Buy Tickets
Blanche M Touhill Performing Arts Center (map)
1 University Dr at Natural Bridge Road
North St. Louis County
phone 314-516-4949
Spring to Dance Festival

Rachel Whiteread

Fridays, 10 a.m.-9 p.m. and Tuesdays-Thursdays, Saturdays, Sundays, 10 a.m.-5 p.m. Continues through June 9

Rachel Whiteread emerged on the London art scene in the "cool Britannia" era of the late '80s and early '90s. The country was doing well financially and culturally, and people were ready to buy contemporary art made by contemporary British artists. Whiteread established herself as a leading light with her casts of everyday objects, which solidified the negative space in, under and/or around them in materials such as wax, plaster, concrete and resin. House, Whiteread's massive, freestanding concrete cast of the interior of an entire three-story Victorian house, earned her the prestigious Turner Prize in 1993, making her the first woman to win. Rachel Whiteread, the new exhibition at the Saint Louis Art Museum, is a retrospective of the artist's career that showcases 96 objects. They range from the small Untitled (Pink Torso), a voluptuous form of the inside of a hot water bottle cast in pink dental plaster, to the expansive Untitled (Twenty-Five Spaces), translucent resin casts of the underside of various chairs and stools arrayed on a game-board-like grid. The exhibit is on display Tuesday through Sunday (March 17 to June 9) at the Saint Louis Arts Museum (1 Fine Arts Drive; www.slam.org), and tickets are $6 to $12 (but free on Friday). $6-$12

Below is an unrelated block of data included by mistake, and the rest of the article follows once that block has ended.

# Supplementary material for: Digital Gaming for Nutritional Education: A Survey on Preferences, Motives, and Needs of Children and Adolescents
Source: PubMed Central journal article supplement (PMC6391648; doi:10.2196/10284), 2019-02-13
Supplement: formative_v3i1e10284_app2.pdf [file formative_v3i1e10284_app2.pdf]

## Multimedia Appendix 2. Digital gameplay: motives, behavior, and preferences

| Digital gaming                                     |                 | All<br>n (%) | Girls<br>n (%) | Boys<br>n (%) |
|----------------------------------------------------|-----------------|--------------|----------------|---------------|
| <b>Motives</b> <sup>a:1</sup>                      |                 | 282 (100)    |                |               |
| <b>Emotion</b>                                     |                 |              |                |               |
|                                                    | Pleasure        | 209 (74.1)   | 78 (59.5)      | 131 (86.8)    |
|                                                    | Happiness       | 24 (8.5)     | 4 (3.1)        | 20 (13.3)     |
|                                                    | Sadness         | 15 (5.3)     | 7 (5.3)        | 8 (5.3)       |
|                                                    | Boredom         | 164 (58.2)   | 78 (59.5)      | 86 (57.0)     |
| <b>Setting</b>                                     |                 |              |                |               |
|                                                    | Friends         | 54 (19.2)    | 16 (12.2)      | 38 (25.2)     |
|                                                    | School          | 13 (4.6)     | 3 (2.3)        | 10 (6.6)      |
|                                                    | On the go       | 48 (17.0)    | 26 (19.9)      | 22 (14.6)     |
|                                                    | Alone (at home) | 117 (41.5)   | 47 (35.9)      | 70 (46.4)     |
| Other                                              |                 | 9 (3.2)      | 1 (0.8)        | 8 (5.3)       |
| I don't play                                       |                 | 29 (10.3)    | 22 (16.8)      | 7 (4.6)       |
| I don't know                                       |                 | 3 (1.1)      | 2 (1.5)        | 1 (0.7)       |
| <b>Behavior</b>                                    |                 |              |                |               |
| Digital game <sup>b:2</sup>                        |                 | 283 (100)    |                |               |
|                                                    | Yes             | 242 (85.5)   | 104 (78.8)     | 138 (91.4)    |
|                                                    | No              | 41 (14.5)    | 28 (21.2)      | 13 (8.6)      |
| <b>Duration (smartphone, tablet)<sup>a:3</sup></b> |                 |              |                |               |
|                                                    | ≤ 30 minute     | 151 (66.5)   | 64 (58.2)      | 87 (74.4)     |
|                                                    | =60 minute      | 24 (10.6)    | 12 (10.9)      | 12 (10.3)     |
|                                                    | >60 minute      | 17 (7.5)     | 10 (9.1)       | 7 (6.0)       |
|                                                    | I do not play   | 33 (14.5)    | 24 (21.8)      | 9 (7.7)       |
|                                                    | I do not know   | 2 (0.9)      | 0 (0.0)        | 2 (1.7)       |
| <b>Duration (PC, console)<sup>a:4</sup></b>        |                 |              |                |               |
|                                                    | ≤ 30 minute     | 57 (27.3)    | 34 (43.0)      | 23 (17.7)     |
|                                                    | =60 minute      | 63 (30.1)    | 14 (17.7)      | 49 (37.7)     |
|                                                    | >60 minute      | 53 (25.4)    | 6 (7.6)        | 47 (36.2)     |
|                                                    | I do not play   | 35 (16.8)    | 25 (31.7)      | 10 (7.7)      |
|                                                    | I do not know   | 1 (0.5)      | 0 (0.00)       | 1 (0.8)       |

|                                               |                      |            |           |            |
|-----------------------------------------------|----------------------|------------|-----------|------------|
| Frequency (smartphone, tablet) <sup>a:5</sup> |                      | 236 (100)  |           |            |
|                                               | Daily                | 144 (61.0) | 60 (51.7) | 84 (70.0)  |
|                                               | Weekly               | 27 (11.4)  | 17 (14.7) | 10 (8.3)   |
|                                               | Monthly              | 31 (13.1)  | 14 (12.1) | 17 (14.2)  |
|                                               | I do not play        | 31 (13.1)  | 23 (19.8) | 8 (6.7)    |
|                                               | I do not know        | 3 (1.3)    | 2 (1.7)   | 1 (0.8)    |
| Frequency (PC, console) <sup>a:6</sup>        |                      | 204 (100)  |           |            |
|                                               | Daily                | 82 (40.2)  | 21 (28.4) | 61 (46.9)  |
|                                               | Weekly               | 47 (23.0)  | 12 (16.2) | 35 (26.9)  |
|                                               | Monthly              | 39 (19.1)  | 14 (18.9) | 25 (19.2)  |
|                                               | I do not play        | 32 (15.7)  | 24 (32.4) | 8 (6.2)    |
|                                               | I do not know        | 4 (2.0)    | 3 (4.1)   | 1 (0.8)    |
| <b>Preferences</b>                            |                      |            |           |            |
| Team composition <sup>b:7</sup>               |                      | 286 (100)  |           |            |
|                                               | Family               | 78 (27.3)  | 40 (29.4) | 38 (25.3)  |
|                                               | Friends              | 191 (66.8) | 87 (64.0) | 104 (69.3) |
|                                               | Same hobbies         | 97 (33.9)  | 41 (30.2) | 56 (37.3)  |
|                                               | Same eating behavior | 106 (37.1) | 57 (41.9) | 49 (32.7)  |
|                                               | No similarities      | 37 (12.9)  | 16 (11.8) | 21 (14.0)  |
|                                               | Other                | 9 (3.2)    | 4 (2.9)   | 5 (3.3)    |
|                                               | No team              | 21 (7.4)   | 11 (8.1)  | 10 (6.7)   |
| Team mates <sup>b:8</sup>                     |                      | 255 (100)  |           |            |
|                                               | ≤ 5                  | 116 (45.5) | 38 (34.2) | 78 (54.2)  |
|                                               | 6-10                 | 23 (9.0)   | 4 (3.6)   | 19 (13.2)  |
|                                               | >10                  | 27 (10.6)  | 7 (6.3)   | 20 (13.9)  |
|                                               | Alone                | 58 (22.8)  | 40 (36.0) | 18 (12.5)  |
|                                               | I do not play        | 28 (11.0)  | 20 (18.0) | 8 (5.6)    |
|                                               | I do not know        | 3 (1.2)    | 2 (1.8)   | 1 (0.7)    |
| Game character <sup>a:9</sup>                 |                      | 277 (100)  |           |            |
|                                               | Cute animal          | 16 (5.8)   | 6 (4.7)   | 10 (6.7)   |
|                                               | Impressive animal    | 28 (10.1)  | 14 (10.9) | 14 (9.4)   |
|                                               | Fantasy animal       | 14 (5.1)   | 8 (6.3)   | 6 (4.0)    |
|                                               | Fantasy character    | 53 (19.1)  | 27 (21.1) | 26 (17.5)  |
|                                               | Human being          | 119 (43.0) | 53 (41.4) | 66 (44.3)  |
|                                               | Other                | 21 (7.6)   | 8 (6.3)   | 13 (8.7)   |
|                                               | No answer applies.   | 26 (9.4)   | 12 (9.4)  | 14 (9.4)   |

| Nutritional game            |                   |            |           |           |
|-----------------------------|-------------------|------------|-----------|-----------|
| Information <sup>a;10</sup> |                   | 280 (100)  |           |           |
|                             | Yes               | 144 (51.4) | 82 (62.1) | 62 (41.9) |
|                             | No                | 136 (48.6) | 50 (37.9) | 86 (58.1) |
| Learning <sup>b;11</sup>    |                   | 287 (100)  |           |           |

Poetics of the Everyday: Amateur Photography 1890-1970

Fridays, 10 a.m.-9 p.m. and Tuesdays-Thursdays, Saturdays, Sundays, 10 a.m.-5 p.m. Continues through Aug. 25

Portable cameras democratized photography. Once anybody could carry a camera with them, photography became a hobby as well as an art. Poetics of the Everyday: Amateur Photography 1890-1970, the new exhibition at the Saint Louis Art Museum (1 Fine Arts Drive; www.slam.org), features 110 works by unknown moms and dads. They show children, landscapes, family gatherings and of course the family dog, with often unintentional effects such as the dreaded double exposure. Despite being made by strangers, the images of family vacations and candid shots have a familiarity that makes them universal. Poetics of the Everyday is on display in galleries 234 and 235 from Friday, April 26, to August 25. Admission is free. free admission

Currents 116: Oliver Laric

Fridays, 10 a.m.-9 p.m. and Tuesdays-Thursdays, Saturdays, Sundays, 10 a.m.-5 p.m. Continues through May 27